The Do’s and Dont’s of Splitting Your Business to Avoid VAT Registration

Hi, I’m Nishi Patel from Northants Accounting, and in today’s video I just wanted to talk about splitting your business to avoid VAT registration. So a lot of businesses these days where they’re selling business to consumer, so essentially to people who aren’t VAT registered, they often dread reaching the VAT threshold, because what it means is they would essentially have to add to their prices, or instead of adding to their prices, they’ll have to take the VAT hit themselves and pay it on behalf of their clients.

What often happens is where you’ve got certain businesses that are being run a particular kind of way, business owners are eager to kind of split those businesses into two separate businesses, so the VAT threshold only applies to each individual business separately, and then it’s one way for them to increase their turnover without actually having to register for VAT.

Typically, this could be if you run the kind of business where you’ve got doing some kind of maintenance, but then you also have a side element to it where you’re selling certain products or certain materials. Then this could work quite well, but there’s a few things that you’d have to be really careful of when you’re doing this.

So one of the biggest challenges about splitting a business for VAT registration purposes is because if HMRC come along later on and then they look at the two businesses and they think, well, this was an artificial split purely to save VAT, then what they could do is they could actually order the businesses to be recombined, but they can backdate it to the point where they feel that you should’ve had to register VAT based on your turnover. So, if that happens, this can be really tricky for a business because they could end up with a tax bill that’s easily in the region of 10, 20, 30K, depending on how long they were actually doing it for before they were caught.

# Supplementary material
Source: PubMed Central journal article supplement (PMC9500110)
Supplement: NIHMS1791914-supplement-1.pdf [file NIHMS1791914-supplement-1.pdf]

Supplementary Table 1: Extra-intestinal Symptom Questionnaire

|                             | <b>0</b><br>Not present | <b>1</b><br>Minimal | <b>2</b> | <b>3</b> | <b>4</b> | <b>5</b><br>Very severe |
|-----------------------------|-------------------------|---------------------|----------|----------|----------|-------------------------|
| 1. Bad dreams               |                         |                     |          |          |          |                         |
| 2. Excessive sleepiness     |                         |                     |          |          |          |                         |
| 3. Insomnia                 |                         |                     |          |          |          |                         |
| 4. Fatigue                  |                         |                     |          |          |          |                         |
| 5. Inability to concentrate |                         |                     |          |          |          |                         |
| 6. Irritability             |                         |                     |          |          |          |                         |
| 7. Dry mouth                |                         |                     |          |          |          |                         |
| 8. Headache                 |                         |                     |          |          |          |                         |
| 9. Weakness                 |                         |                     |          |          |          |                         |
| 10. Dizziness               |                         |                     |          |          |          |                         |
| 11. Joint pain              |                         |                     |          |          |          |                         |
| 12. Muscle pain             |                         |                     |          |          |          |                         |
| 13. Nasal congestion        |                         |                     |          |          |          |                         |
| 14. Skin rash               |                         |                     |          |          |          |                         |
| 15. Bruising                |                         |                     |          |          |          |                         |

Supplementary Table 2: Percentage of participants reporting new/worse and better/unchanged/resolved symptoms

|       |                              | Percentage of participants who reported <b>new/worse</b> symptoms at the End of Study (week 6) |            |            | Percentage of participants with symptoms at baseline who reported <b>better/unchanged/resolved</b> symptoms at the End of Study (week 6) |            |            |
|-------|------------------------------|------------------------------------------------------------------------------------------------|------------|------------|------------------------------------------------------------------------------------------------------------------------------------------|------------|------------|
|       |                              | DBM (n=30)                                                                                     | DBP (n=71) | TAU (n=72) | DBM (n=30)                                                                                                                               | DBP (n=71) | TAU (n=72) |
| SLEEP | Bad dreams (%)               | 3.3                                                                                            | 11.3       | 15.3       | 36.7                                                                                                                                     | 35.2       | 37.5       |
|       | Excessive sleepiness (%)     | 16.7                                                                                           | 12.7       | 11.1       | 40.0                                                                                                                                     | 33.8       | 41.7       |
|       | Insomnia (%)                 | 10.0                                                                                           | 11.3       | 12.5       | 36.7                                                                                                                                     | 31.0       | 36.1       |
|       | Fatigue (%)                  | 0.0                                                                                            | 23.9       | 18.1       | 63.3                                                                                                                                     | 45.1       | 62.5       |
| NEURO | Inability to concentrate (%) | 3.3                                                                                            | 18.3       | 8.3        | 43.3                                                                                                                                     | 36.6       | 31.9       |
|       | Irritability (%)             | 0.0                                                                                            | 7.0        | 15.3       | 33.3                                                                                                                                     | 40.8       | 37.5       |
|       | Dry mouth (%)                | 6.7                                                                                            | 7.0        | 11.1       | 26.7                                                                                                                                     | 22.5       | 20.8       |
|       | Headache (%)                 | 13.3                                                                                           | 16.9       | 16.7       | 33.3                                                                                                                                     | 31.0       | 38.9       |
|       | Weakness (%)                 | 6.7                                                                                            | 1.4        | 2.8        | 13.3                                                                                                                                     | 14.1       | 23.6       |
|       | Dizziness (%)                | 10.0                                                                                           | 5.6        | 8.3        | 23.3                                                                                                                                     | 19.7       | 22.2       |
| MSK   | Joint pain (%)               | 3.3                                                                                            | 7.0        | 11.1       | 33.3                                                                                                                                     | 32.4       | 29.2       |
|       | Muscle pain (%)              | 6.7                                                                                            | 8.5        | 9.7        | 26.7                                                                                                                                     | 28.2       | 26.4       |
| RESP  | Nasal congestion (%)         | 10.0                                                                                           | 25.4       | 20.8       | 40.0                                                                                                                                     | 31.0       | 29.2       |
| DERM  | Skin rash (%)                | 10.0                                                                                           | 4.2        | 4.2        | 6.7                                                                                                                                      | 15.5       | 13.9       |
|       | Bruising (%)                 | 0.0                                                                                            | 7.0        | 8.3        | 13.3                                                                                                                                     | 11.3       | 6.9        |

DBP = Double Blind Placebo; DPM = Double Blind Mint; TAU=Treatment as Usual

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When someone is actually splitting a business for VAT purposes, there’s a few things they’ve got to keep in mind to do it semi-safely. One of them is if you split a business for VAT purposes, you want to have a separate partnership or a separate mix of partners.

So, if you’re running one business yourself, you probably don’t want to run the other business just by yourself. You may want to bring a partner into that, or even better, have a limited company and have two different shareholders on it so that can give some sort of protection in terms of HMRC coming along and combining two businesses as one for VAT.

Another area to really focus on if you are going to split businesses is just to keep them completely separate, so different sets of accounts, different sets of marketing, different names. Run them as two completely separate entities. Where one business does work for another, make sure it’s invoiced at a sensible market rate, not just mates’ rates.

That’s one way to give a bit more protection. If you do all that stuff, then HMRC down the line might come along and say, well, these businesses need to be combined for VAT, but at the very least, they can’t backdate it, so it will give you a bit more security.

Sometimes when you’re coming up to that VAT registration point, you might just say it’s not worth the hassle separating these two businesses. Maybe I’m better off just registering for VAT, finding it there’s a better VAT scheme I could go onto to try and save me a bit of money on that VAT bill, and then just focusing on growing that business.

Splitting a business for VAT purposes isn’t always the best way to go, and an alternative could just be to focus on that one business and get the turnover to a point where it makes sense to be VAT registered. Or it could be a case of control the turnover, work less, and actually stay below the threshold.

So, there are a few options when your business is coming up to VAT registration. If you want to find out a bit more about this or anything else relating to VAT, then please give me a call.

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